Volunteer Alan Gomersall said: "In 2003, I counted 50 greenfinches; this year [2017], they were down to just 5."

Some count the birds they record on 2 early morning survey visits. The Breeding Bird Survey covers all habitats, and volunteers are allocated a nearby square from a pre-selected list.

Mr Gomersall was initially disappointed not to get a square in the countryside. But, after 20 years of recording in a Bedfordshire housing estate, he said: "I am glad I continued. I have found a surprising number of different species over the years, and it has been fascinating to see the changes."

Trichomoniasis makes the birds' throats swell, meaning they starve to death. It is spread by dirty bird tables. Householders are urged to clean them.

The parasite that causes the disease, _Trichomonas gallinae_, has long been known in pigeons and doves and somehow spread from these birds into finch populations. While greenfinches have been most badly hit, the disease has also been diagnosed in a number of other bird species, including the house sparrow and yellowhammer, both of which are already red listed, according to the report. But one species that is doing particularly well is the chiffchaff, which is continuing to increase its breeding range and population.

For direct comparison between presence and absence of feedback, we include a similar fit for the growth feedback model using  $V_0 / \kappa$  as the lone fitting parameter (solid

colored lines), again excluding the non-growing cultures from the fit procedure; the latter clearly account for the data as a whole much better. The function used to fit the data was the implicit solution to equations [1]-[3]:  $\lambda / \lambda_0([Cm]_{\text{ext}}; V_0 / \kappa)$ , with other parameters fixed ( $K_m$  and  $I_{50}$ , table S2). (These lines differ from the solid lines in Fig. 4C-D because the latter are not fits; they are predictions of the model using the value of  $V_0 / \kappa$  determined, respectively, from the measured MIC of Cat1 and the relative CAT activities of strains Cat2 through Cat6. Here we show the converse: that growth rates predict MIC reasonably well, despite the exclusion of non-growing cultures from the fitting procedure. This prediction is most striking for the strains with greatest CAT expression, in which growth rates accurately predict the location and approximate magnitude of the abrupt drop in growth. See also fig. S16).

The report said record numbers of this small green warbler have been caught by bird ringers, thanks to warmer winters. Once a very rare sight in winter, it can increasingly be seen on sunny days in sheltered locations throughout the UK, especially in the milder coastal areas and around inland waterbodies.

Others contribute data from their bird ringing sessions, which they run in a comparable way each year.

[Byline: Colin Fernandez]

Communicated by:
ProMED-mail from HealthMap Alerts

[_Trichomonas gallinae_ is a common protozoan parasite of pigeons (_Columbiformes_), which principally infects the upper alimentary tract where it can cause necrotic ingluvitis. Epidemic mortality in columbiform species has been previously reported, and the parasite infrequently infects other avian taxa such as birds of prey and songbirds.

In the USA, trichomoniasis has been postulated to be a factor contributing to the extinction of the passenger pigeon _Ectopistes migratorius_ and has been shown to be a significant cause of nestling mortality in the island-endemic pink pigeon _Nesoenas mayeri_ and in the Iberian Peninsula population of the Bonelli's eagle _Hieraaetus fasciatus_.

The European green finch (_Chloris chloris_) is a small passerine bird spread throughout Europe. For a picture of a male (above) and a female (below) go to

Portions of this comment were extracted from - Mod.PMB

HealthMap/ProMED-mail map:
England, United Kingdom:]

See Also

Trichomoniasis, avian - UK: (England) garden birds 20130912.1939358
Trichomoniasis, avian - Ireland: garden birds 20130207.1533305
Trichomoniasis, avian - Germany: (BY) finch, susp 20120704.1190095
Trichomoniasis, avian - Europe: finch 20110925.2915
Trichomoniasis, avian - UK: finch 20100825.2990